You say potato, I say potatoh – such is the atmosphere lately surrounding the price outlook for nickel in 2014 and beyond.
MetalMiner has been covering the Indonesian mineral export ban up, down and sideways, especially how it will (or won’t) affect the nickel markets this year, and we’ve struck a tone that’s not as excited for the upside as some others are.
Front and center of the excited parties: Goldman Sachs. Case in point, Goldman has seen the upticks in the metal price lately and recently increased its 2014 nickel price forecast from $15,000 per ton to $16,000 per ton– a 10 percent increase – mainly citing the Indonesian ban’s potential to crimp supply.
Not only that, but Barclays Plc, Macquarie Group Ltd. and Citigroup Inc. all expect a market deficit, and the latter forecasts the price at $17,000 a ton this quarter, according to the Reuters rundown. (After rallying at the start of January, the current 3-month price of LME nickel is $14,625 per ton as of this writing.)
Whoa, Nelly! – The Ban May Not Last
According to a press release outlining Roskill’s 2014 nickel outlook, some wild card factors will come into play over the next several months, so the Goldman/Barclays/Macquarie bulls better hold their horses. (Couldn’t resist all those cliches!)
1. Politics may derail expectations. Any sustained rises in nickel price from this ban are only as real as the ban itself, which could change quickly as Indonesia’s export policy evolves. A domestic legal challenge has been lodged in Indonesia’s two highest courts, according to Roskill, and early reports of layoffs and protests as a response to the ban will fuel the upcoming elections. (Legislative elections are slated for April 9, while the presidential election will be on July 9.) Indonesia’s current president, Susilo Bambang Yudhoyono, is at his term limit, so who knows what change his successor and new legislature will bring regarding the ban. Besides, Indonesia is looking for a 15 percent increase in foreign direct investment (FDI) in 2014, a tough sell with all this resource nationalism going on…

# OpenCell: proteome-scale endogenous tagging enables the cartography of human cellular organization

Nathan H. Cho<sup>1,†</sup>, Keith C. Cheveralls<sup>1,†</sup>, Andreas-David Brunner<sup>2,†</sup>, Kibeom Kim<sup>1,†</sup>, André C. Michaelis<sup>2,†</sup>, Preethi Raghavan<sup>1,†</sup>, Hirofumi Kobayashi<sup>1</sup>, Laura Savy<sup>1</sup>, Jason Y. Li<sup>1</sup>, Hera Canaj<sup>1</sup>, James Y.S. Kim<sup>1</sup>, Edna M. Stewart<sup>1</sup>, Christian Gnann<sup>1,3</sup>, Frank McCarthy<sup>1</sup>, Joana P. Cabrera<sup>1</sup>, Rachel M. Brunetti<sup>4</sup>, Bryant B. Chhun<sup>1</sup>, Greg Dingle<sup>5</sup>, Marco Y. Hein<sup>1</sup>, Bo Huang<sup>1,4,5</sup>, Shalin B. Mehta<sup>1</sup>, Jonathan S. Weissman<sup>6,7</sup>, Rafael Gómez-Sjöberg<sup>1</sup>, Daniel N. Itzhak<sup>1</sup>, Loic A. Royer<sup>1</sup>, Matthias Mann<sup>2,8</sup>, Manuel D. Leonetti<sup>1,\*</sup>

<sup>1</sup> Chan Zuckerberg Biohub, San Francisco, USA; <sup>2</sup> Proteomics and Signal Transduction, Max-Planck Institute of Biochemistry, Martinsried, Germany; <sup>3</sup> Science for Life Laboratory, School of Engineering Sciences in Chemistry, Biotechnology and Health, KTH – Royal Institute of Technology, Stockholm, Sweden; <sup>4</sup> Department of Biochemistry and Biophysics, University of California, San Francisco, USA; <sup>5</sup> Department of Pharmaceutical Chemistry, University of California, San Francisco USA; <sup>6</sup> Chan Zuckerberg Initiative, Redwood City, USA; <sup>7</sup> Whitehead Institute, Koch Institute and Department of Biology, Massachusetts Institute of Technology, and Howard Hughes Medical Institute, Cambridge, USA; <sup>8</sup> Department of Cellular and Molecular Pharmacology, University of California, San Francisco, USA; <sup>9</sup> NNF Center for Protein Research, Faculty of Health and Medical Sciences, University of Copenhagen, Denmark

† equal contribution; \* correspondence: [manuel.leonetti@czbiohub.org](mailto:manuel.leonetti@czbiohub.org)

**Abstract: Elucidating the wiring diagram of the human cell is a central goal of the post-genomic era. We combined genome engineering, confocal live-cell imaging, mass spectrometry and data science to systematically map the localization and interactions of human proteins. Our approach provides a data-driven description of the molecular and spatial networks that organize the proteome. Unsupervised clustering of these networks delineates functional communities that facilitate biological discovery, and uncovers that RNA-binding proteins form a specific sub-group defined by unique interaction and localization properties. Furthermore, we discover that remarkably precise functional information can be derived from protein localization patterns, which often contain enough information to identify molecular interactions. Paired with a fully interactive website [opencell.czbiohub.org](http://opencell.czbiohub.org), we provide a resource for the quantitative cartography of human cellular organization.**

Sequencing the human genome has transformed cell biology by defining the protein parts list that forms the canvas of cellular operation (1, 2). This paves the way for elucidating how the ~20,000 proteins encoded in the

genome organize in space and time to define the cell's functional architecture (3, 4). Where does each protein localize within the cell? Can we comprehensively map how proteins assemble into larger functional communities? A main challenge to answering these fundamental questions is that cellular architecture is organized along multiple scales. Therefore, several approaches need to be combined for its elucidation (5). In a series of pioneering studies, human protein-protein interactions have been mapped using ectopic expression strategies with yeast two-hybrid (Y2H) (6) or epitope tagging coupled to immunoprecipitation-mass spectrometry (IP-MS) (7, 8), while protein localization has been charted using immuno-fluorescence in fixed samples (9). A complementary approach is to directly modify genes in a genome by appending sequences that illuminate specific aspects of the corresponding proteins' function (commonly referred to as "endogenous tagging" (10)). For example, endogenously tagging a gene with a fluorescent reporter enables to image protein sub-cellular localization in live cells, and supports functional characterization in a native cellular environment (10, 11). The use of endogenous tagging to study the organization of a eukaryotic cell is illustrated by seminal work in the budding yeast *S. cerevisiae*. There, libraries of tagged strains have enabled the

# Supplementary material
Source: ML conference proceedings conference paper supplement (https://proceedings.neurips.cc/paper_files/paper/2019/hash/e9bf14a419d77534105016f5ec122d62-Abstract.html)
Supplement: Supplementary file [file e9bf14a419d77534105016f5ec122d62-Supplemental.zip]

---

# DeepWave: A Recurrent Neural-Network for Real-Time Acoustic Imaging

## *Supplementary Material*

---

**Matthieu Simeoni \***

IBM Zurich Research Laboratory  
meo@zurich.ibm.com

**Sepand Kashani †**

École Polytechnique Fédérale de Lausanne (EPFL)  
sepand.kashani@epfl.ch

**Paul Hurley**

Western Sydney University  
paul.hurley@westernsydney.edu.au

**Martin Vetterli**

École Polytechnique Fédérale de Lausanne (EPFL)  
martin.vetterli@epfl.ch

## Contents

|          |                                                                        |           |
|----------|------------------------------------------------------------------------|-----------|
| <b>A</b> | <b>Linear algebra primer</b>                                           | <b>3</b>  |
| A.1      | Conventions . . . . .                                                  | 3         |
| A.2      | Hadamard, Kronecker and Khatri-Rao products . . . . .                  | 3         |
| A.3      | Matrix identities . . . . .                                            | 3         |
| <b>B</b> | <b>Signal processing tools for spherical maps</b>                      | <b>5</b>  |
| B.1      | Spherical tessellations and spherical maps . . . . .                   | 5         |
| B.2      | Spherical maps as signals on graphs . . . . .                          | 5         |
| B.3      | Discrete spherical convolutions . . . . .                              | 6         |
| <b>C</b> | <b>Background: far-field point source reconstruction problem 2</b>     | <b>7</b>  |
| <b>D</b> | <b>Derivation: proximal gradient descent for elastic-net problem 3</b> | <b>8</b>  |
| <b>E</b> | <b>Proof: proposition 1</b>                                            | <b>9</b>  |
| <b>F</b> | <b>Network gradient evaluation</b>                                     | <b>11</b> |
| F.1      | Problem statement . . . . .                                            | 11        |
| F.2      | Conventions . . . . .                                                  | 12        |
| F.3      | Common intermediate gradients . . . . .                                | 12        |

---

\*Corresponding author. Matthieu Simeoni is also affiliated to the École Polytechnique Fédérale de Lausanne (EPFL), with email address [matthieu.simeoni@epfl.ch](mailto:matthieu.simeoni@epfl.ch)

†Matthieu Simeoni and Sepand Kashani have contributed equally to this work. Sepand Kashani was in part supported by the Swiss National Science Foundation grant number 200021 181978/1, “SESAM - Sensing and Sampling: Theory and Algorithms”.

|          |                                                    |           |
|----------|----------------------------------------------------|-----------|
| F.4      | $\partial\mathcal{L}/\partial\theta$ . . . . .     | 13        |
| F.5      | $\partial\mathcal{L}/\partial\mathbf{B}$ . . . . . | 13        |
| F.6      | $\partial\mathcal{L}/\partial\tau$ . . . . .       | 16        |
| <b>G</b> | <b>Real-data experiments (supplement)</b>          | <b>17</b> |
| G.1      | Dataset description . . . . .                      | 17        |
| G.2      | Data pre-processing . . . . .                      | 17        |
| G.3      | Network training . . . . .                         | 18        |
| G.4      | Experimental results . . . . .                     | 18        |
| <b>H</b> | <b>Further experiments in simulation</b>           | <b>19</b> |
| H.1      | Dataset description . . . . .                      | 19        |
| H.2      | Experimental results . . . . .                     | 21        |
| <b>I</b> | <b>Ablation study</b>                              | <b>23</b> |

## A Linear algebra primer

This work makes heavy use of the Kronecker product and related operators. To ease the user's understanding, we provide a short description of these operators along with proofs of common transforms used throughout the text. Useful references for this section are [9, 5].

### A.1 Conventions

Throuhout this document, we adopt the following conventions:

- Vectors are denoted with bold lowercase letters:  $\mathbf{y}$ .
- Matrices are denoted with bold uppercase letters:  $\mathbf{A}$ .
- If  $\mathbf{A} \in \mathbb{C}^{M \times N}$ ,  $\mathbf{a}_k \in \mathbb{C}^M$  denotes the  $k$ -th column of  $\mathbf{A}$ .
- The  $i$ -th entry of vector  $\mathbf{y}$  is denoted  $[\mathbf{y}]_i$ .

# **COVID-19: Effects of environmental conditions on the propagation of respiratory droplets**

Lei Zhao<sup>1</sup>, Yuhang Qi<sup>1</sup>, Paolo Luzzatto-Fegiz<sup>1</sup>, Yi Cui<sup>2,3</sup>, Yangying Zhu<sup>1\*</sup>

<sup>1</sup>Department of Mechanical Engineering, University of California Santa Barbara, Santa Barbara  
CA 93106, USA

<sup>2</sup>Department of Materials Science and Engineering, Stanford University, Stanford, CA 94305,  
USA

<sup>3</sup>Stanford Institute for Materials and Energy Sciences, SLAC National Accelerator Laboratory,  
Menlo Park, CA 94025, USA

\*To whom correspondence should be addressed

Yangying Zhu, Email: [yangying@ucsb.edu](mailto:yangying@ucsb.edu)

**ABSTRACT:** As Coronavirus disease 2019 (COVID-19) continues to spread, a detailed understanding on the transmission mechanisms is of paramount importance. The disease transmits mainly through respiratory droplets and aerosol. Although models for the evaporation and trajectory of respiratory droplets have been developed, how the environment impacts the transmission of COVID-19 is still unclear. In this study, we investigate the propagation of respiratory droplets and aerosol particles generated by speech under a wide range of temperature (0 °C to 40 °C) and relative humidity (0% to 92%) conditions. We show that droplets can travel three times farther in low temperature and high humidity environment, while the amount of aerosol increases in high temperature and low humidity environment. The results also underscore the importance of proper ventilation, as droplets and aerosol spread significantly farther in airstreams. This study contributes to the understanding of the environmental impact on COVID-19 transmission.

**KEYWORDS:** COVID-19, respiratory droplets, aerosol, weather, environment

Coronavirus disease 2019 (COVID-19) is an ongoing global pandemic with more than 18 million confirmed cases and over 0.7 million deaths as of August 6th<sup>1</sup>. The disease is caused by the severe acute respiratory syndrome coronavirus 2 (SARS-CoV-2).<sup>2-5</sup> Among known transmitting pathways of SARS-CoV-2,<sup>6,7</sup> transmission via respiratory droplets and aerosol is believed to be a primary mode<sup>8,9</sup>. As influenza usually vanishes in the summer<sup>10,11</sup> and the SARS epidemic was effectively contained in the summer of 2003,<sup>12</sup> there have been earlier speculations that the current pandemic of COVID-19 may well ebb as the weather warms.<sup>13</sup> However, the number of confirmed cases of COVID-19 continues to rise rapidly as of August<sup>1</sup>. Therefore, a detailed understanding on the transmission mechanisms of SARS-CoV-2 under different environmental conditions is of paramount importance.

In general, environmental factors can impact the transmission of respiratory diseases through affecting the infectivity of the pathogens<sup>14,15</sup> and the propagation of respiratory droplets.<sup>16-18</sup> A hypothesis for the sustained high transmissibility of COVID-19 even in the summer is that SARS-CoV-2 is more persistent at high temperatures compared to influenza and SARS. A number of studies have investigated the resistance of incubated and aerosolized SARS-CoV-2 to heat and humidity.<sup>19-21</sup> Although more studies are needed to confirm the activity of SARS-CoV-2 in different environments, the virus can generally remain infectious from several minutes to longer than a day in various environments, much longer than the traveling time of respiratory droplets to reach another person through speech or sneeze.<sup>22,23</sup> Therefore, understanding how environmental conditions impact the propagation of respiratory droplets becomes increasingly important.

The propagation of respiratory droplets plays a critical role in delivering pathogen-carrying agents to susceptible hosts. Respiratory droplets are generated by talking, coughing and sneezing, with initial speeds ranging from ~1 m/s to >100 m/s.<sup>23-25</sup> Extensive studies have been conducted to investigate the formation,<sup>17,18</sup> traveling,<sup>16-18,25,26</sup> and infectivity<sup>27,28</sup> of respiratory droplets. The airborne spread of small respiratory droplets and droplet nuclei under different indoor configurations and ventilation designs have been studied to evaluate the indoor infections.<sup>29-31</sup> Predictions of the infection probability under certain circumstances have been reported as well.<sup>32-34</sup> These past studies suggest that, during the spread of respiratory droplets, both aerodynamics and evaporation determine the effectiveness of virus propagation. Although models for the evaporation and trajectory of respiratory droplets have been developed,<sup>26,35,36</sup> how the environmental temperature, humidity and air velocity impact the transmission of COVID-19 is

2. Other countries/supply sources may fill in the gap. Notably, the Philippines is keen to fill in the laterite ore gaps left by Indonesia’s ban, with their export volumes expected to increase. However, the issue with the Philippines’ laterite ore is that its quality is insufficient for China’s rotary kiln furnaces…but China’s producers may be forced to make do with the backup source after current stockpiles run down to fulfill prior contracts, while taking from higher production costs.
3. Don’t discount China’s clout. The Red Dragon “may enter the political fray surrounding the nickel ban and attempt to effectuate an exemption for some of its companies, through diplomatic back-channels. Chinese-Indonesian relationships were normalised in 1990 and China has since grown to become Indonesia’s second-largest trading partner, behind Japan, with bilateral trade expected to reach US$80 billion by 2015…China may leverage its influence to secure the interests of its metal industries by securing additional transitional arrangements,” according to Roskill.
(A quick aside – here’s evidence of China’s encroaching influence where I live):
When In Doubt, Check the Technical Analysis
The bottom line rests on two main factors: nickel being in a long-term downward trend, and the ban not feasibly creating supply constraints for at least several months.
Roskill “remains skeptical that a supply deficit is likely to emerge anywhere prior to 2017/2018,” and that may not be off the mark. As for the timeline, China has about a half-year of stocks, so we don’t expect too much movement until mid-2014.